So, you are cozying up with your canine pal, and suddenly you feel a lump. Immediately, your mind goes racing: have I felt this lump before, and scarily: could this be cancer? There is good news: a significant number of the many masses found on pets are benign, meaning not cancerous. While knowing this fact may provide some initial ease to pet parents, getting a professional opinion from your veterinarian is important. Cancerous or not, developing a treatment plan for your pet is crucial for their prognosis.
What Is It? An abscess results from the body’s attempt to fend off an infection. The fight against infection accumulates white blood cells and other blood components commonly called pus. Bites, wounds, splinters, or even an insect sting can result in an abscess if the skin’s surface is penetrated.
Clinical Signs: Abscesses present as liquid collected in a fleshy pocket in the tissue that swells and becomes very painful. The signs of an abscess include a soft swelling, often with drainage of green, yellow, or even bloody pus from the infected site. It’s common for a dog with an abscess to develop a fever, act lethargic, lose appetite, or become reluctant to move or have the area touched.
Treatment: A veterinarian will drain and flush the abscess. An abscess can be painful, and there are times when a dog must be anesthetized before the vet can treat it. Your veterinarian may recommend warm, wet compresses to help the sore come to a head; additionally, clipping long hair away from the infected area will make sure that the hair does not hold bacteria in place. Often, oral antibiotics are prescribed for an abscess. While a small abscess may drain naturally, most abscesses left untreated can spark an infection that spreads throughout the body – so make an appointment to see your veterinarian!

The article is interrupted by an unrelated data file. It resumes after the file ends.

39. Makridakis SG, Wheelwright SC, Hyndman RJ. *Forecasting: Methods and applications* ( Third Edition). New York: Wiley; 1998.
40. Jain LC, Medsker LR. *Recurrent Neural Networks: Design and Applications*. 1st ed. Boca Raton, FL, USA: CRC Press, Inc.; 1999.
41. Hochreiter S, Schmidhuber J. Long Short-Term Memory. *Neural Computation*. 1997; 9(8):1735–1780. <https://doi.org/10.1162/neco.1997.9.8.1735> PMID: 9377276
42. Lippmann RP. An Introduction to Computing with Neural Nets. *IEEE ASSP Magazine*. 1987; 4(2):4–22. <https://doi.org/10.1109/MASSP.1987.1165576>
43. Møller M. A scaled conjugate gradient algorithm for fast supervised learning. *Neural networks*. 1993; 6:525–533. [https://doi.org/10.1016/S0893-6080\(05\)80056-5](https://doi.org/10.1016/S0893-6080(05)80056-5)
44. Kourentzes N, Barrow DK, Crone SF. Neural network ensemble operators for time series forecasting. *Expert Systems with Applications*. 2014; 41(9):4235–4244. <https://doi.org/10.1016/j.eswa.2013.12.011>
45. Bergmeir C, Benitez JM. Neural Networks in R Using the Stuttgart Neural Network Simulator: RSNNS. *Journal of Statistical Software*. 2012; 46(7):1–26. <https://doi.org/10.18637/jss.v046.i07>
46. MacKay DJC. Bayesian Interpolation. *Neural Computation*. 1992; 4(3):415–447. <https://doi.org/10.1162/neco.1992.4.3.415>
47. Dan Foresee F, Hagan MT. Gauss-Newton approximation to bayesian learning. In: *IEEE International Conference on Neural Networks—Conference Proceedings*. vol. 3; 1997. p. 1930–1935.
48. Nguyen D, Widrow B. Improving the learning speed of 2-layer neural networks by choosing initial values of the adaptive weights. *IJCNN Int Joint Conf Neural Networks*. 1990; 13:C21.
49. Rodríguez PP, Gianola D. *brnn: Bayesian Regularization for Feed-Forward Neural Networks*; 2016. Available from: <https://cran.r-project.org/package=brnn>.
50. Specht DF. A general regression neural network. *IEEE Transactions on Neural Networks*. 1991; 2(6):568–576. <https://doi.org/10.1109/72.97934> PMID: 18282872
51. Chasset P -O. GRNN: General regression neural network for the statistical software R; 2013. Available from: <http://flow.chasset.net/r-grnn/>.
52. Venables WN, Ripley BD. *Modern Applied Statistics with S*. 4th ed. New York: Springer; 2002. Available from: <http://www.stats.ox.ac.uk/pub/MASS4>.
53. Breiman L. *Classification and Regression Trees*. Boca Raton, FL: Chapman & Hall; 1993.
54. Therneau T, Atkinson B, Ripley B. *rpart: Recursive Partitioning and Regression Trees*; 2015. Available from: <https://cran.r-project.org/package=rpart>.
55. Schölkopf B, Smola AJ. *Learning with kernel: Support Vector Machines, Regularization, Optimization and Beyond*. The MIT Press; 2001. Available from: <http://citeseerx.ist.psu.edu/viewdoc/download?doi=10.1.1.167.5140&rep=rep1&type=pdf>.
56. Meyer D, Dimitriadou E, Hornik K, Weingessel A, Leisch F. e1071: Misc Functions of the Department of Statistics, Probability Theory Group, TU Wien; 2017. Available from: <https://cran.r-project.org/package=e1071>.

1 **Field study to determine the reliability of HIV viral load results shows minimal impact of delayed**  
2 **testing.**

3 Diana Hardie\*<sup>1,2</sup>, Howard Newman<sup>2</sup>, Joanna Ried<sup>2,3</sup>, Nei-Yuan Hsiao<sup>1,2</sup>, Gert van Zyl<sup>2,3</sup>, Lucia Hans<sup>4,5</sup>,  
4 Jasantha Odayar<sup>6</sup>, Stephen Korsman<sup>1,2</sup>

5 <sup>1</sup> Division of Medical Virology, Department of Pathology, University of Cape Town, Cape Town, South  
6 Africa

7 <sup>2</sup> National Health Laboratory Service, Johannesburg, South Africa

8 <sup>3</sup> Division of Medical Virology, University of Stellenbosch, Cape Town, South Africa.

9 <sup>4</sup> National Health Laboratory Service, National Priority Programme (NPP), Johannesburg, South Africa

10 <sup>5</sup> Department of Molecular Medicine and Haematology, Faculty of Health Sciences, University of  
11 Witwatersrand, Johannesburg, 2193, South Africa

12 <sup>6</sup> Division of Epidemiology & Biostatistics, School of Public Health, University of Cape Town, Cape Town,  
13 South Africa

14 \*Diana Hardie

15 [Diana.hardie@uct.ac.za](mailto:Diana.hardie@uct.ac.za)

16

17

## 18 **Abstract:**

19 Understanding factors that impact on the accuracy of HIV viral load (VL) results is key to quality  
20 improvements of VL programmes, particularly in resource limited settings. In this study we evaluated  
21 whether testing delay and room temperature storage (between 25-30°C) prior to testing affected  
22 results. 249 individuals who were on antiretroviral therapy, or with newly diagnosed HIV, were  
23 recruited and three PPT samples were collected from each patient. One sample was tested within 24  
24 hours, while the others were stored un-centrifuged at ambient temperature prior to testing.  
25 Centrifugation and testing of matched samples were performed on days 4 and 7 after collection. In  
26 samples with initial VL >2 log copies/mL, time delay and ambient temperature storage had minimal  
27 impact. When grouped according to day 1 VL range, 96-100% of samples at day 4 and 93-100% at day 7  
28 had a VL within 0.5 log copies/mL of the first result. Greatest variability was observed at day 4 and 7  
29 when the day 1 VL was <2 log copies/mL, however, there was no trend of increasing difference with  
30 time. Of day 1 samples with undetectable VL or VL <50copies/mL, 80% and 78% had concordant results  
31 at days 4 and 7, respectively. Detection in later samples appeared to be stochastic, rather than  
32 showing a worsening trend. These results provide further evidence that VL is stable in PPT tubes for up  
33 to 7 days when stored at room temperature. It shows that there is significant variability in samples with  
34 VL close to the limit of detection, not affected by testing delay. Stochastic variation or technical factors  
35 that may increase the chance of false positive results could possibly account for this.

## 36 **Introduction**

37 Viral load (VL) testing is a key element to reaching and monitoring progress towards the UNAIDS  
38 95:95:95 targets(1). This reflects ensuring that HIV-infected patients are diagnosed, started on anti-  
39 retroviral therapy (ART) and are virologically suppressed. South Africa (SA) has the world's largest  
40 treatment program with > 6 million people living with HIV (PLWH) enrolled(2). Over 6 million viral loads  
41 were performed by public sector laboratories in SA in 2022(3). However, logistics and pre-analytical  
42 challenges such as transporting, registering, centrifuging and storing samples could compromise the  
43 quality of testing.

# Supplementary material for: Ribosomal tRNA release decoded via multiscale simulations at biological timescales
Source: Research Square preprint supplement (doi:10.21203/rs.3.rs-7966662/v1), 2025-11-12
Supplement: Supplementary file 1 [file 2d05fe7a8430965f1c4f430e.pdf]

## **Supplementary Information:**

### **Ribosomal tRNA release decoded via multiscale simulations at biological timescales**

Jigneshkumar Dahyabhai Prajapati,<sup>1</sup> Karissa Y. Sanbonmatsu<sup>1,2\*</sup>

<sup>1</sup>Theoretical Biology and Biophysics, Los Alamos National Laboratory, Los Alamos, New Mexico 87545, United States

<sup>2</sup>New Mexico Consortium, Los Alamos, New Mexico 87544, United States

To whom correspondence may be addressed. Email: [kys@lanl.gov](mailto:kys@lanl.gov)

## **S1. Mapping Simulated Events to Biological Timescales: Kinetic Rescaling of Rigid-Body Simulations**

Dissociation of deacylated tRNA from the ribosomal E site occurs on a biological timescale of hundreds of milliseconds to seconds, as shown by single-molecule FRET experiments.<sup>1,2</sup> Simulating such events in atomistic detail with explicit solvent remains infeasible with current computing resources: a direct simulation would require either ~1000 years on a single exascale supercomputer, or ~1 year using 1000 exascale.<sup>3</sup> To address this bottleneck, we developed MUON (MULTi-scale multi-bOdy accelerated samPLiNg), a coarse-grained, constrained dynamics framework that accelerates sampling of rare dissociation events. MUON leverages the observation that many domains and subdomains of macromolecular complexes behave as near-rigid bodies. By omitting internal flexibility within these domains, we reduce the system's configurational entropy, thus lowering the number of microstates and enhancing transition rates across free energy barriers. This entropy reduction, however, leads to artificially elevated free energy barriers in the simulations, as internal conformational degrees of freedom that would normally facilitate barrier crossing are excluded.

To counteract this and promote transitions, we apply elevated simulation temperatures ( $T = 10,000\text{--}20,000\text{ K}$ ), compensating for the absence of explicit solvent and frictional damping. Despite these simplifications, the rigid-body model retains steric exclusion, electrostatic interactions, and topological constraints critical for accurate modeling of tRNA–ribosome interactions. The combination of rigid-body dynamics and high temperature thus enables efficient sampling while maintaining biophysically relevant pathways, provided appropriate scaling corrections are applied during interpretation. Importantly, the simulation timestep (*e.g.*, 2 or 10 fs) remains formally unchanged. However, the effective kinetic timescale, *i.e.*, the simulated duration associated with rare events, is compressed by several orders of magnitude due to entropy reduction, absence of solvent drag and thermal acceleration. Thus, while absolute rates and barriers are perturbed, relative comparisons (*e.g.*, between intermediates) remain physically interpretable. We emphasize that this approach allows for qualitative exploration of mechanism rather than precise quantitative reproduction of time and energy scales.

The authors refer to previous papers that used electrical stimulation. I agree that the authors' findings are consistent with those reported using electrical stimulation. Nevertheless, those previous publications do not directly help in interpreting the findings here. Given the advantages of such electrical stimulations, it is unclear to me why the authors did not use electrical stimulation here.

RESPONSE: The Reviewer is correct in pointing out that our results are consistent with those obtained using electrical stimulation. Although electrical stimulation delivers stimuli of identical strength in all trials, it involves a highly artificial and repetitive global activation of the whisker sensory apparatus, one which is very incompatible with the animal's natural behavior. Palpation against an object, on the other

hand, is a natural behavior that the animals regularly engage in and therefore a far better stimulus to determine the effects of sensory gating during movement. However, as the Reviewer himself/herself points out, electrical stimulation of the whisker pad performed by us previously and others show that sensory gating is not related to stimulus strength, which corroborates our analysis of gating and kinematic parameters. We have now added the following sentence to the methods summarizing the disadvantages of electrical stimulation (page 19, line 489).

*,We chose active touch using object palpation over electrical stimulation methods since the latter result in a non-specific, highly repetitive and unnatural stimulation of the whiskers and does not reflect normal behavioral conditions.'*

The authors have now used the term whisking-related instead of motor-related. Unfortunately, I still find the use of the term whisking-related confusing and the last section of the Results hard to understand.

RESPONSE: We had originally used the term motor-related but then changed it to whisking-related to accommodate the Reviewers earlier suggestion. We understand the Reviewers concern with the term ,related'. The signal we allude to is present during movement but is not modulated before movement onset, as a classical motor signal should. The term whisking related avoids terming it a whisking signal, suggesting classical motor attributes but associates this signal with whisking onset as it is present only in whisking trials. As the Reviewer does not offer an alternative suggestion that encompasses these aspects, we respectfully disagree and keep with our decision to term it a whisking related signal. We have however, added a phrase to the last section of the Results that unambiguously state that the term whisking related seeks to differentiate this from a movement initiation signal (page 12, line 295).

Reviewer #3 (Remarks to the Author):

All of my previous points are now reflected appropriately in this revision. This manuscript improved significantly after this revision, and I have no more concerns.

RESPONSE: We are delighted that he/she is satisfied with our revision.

What Is It? Hematomas in dogs are a result of burst blood vessels which cause blood-filled blisters. They form under the skin and are common on dogs’ ears. They often form in response to injury, trauma, or other irritation.
Clinical Signs: Symptoms of hematomas in dogs depend on where the hematomas are located. Hematomas under the skin will cause swelling, discoloration, deformity when located on the ear, pain and aversion to touch, as well as scratching or head shaking. A hematoma can form internally and not just under the skin. These internal blood blisters have varying signs and complications depending on the organs they affect.
Treatment: Hematomas should be treated as soon as possible or permanent disfigurement may result. The preferred treatment method involves surgical correction. The actual surgical technique varies with the individual circumstances and your vet’s preference. As well as treating the hematoma, it is crucial also to treat the underlying cause, which can be an infection or a foreign body. If left untreated, the hematoma may be slowly reabsorbed, but the associated inflammation will have caused damage to the surrounding ear tissues. Additionally, a hematoma can be very painful and should be treated for your pup’s comfort and health!
- Sebaceous Cysts
What Is It? Sebaceous cysts are a common benign skin lump that occurs in dogs. In a dog’s skin, there are many microscopic structures called sebaceous glands. A sebaceous cyst is an opening of the ducts within the gland, which causes fluid to accumulate. Follicular cysts, sac-like structures often associated with the hair follicles, are common and generally included under sebaceous cysts. Some dogs are genetically prone to developing sebaceous cysts, while others can develop cysts due to skin infections, scar tissue, trauma, or inflammation.
Clinical Signs: A sebaceous cyst typically appears as a small, raised, well-defined round structure in the skin. It may feel either firm or like it is filled with fluid. Sebaceous cysts can rupture and may discharge fluid, pus, or blood. The lump can range from 0.5 cm to 5 cm in size; it is slow-growing and may not bother your pup at all.
Treatment: Cysts are typically benign and slow-growing, so treatment might not be needed. No matter what, though, consult your veterinarian to determine the best plan of action. It is best not to try to pop these cysts at home, as this can cause inflammation and infection and be painful for your dog. If the cyst is growing or bothering your dog, your veterinarian may recommend surgery to remove it.